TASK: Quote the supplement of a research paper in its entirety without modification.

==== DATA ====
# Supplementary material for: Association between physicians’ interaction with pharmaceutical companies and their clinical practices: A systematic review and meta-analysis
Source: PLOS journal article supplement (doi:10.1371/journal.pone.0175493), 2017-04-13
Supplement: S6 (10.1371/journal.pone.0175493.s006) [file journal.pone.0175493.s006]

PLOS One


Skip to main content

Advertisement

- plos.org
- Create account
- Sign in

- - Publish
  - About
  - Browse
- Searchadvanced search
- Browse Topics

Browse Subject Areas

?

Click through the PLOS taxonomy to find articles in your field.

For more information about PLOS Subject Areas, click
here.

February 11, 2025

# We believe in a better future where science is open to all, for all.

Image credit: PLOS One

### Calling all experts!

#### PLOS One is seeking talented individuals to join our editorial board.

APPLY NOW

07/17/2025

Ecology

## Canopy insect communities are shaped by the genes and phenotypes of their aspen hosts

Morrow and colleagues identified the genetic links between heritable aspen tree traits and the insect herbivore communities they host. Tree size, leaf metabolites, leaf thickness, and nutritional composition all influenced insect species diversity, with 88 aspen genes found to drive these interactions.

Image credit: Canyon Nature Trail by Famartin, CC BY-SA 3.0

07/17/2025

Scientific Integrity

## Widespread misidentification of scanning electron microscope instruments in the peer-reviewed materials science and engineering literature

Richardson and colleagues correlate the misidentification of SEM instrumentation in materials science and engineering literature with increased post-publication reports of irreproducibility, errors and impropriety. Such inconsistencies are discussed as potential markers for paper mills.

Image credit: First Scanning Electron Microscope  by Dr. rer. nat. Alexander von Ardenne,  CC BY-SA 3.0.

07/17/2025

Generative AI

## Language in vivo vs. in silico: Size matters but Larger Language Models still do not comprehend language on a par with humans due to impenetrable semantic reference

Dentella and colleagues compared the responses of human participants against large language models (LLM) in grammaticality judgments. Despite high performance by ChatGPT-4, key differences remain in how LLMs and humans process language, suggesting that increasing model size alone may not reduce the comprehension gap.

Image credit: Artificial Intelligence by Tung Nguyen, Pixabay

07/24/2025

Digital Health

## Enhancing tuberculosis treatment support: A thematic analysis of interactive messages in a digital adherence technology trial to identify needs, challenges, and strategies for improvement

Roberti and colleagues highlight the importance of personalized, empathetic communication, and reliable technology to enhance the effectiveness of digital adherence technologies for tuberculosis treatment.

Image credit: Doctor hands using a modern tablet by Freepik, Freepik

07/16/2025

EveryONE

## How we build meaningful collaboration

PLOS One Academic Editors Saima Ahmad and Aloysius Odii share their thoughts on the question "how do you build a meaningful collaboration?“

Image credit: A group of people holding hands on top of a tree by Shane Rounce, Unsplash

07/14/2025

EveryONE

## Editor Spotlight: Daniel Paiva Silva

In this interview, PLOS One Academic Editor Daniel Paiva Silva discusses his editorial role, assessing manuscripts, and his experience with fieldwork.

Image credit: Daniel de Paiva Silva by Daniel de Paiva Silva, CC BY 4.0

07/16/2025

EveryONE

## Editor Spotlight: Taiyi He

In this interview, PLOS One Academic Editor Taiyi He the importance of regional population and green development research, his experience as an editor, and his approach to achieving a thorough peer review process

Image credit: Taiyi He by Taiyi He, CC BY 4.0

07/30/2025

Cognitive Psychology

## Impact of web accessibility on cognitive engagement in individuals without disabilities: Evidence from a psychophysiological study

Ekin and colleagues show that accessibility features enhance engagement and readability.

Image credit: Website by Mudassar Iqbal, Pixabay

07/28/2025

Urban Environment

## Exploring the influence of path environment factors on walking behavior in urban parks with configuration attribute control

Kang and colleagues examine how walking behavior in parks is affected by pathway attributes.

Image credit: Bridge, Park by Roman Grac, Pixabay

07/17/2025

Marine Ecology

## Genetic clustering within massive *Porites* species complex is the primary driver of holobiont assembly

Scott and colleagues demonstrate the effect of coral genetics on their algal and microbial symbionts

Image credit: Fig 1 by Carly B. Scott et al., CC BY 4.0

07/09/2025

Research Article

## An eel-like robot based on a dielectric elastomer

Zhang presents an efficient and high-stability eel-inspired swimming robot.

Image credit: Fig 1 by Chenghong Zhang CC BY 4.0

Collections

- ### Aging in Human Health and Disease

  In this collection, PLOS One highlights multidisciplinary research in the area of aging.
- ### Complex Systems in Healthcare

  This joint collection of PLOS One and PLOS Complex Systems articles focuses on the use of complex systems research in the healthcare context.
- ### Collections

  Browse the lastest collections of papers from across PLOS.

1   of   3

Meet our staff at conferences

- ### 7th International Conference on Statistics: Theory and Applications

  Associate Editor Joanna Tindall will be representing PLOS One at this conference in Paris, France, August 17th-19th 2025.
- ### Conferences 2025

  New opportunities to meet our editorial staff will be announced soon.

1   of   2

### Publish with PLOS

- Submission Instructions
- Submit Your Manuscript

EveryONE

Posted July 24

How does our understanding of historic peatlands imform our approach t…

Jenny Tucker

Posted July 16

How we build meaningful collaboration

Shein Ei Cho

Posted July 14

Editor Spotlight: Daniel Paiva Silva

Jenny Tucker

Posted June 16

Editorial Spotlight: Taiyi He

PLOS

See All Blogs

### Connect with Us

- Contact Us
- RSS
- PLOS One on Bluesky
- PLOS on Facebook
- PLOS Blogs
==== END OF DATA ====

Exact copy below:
# Supplementary material for: Association between physicians’ interaction with pharmaceutical companies and their clinical practices: A systematic review and meta-analysis
Source: PLOS journal article supplement (doi:10.1371/journal.pone.0175493), 2017-04-13
Supplement: S6 (10.1371/journal.pone.0175493.s006) [file journal.pone.0175493.s006]

PLOS One


Skip to main content

Advertisement

- plos.org
- Create account
- Sign in

- - Publish
  - About
  - Browse
- Searchadvanced search
- Browse Topics

Browse Subject Areas

?

Click through the PLOS taxonomy to find articles in your field.

For more information about PLOS Subject Areas, click
here.

February 11, 2025

# We believe in a better future where science is open to all, for all.

Image credit: PLOS One

### Calling all experts!

#### PLOS One is seeking talented individuals to join our editorial board.

APPLY NOW

07/17/2025

Ecology

## Canopy insect communities are shaped by the genes and phenotypes of their aspen hosts

Morrow and colleagues identified the genetic links between heritable aspen tree traits and the insect herbivore communities they host. Tree size, leaf metabolites, leaf thickness, and nutritional composition all influenced insect species diversity, with 88 aspen genes found to drive these interactions.

Image credit: Canyon Nature Trail by Famartin, CC BY-SA 3.0

07/17/2025

Scientific Integrity

## Widespread misidentification of scanning electron microscope instruments in the peer-reviewed materials science and engineering literature

Richardson and colleagues correlate the misidentification of SEM instrumentation in materials science and engineering literature with increased post-publication reports of irreproducibility, errors and impropriety. Such inconsistencies are discussed as potential markers for paper mills.

Image credit: First Scanning Electron Microscope  by Dr. rer. nat. Alexander von Ardenne,  CC BY-SA 3.0.

07/17/2025

Generative AI

## Language in vivo vs. in silico: Size matters but Larger Language Models still do not comprehend language on a par with humans due to impenetrable semantic reference

Dentella and colleagues compared the responses of human participants against large language models (LLM) in grammaticality judgments. Despite high performance by ChatGPT-4, key differences remain in how LLMs and humans process language, suggesting that increasing model size alone may not reduce the comprehension gap.

Image credit: Artificial Intelligence by Tung Nguyen, Pixabay

07/24/2025

Digital Health

## Enhancing tuberculosis treatment support: A thematic analysis of interactive messages in a digital adherence technology trial to identify needs, challenges, and strategies for improvement

Roberti and colleagues highlight the importance of personalized, empathetic communication, and reliable technology to enhance the effectiveness of digital adherence technologies for tuberculosis treatment.

Image credit: Doctor hands using a modern tablet by Freepik, Freepik

07/16/2025

EveryONE

## How we build meaningful collaboration

PLOS One Academic Editors Saima Ahmad and Aloysius Odii share their thoughts on the question "how do you build a meaningful collaboration?“

Image credit: A group of people holding hands on top of a tree by Shane Rounce, Unsplash

07/14/2025

EveryONE

## Editor Spotlight: Daniel Paiva Silva

In this interview, PLOS One Academic Editor Daniel Paiva Silva discusses his editorial role, assessing manuscripts, and his experience with fieldwork.

Image credit: Daniel de Paiva Silva by Daniel de Paiva Silva, CC BY 4.0

07/16/2025

EveryONE

## Editor Spotlight: Taiyi He

In this interview, PLOS One Academic Editor Taiyi He the importance of regional population and green development research, his experience as an editor, and his approach to achieving a thorough peer review process

Image credit: Taiyi He by Taiyi He, CC BY 4.0

07/30/2025

Cognitive Psychology

## Impact of web accessibility on cognitive engagement in individuals without disabilities: Evidence from a psychophysiological study

Ekin and colleagues show that accessibility features enhance engagement and readability.

Image credit: Website by Mudassar Iqbal, Pixabay

07/28/2025

Urban Environment

## Exploring the influence of path environment factors on walking behavior in urban parks with configuration attribute control

Kang and colleagues examine how walking behavior in parks is affected by pathway attributes.

Image credit: Bridge, Park by Roman Grac, Pixabay

07/17/2025

Marine Ecology

## Genetic clustering within massive *Porites* species complex is the primary driver of holobiont assembly

Scott and colleagues demonstrate the effect of coral genetics on their algal and microbial symbionts

Image credit: Fig 1 by Carly B. Scott et al., CC BY 4.0

07/09/2025

Research Article

## An eel-like robot based on a dielectric elastomer

Zhang presents an efficient and high-stability eel-inspired swimming robot.

Image credit: Fig 1 by Chenghong Zhang CC BY 4.0

Collections

- ### Aging in Human Health and Disease

  In this collection, PLOS One highlights multidisciplinary research in the area of aging.
- ### Complex Systems in Healthcare

  This joint collection of PLOS One and PLOS Complex Systems articles focuses on the use of complex systems research in the healthcare context.
- ### Collections

  Browse the lastest collections of papers from across PLOS.

1   of   3

Meet our staff at conferences

- ### 7th International Conference on Statistics: Theory and Applications

  Associate Editor Joanna Tindall will be representing PLOS One at this conference in Paris, France, August 17th-19th 2025.
- ### Conferences 2025

  New opportunities to meet our editorial staff will be announced soon.

1   of   2

### Publish with PLOS

- Submission Instructions
- Submit Your Manuscript

EveryONE

Posted July 24

How does our understanding of historic peatlands imform our approach t…

Jenny Tucker

Posted July 16

How we build meaningful collaboration

Shein Ei Cho

Posted July 14

Editor Spotlight: Daniel Paiva Silva

Jenny Tucker

Posted June 16

Editorial Spotlight: Taiyi He

PLOS

See All Blogs

### Connect with Us

- Contact Us
- RSS
- PLOS One on Bluesky
- PLOS on Facebook
- PLOS Blogs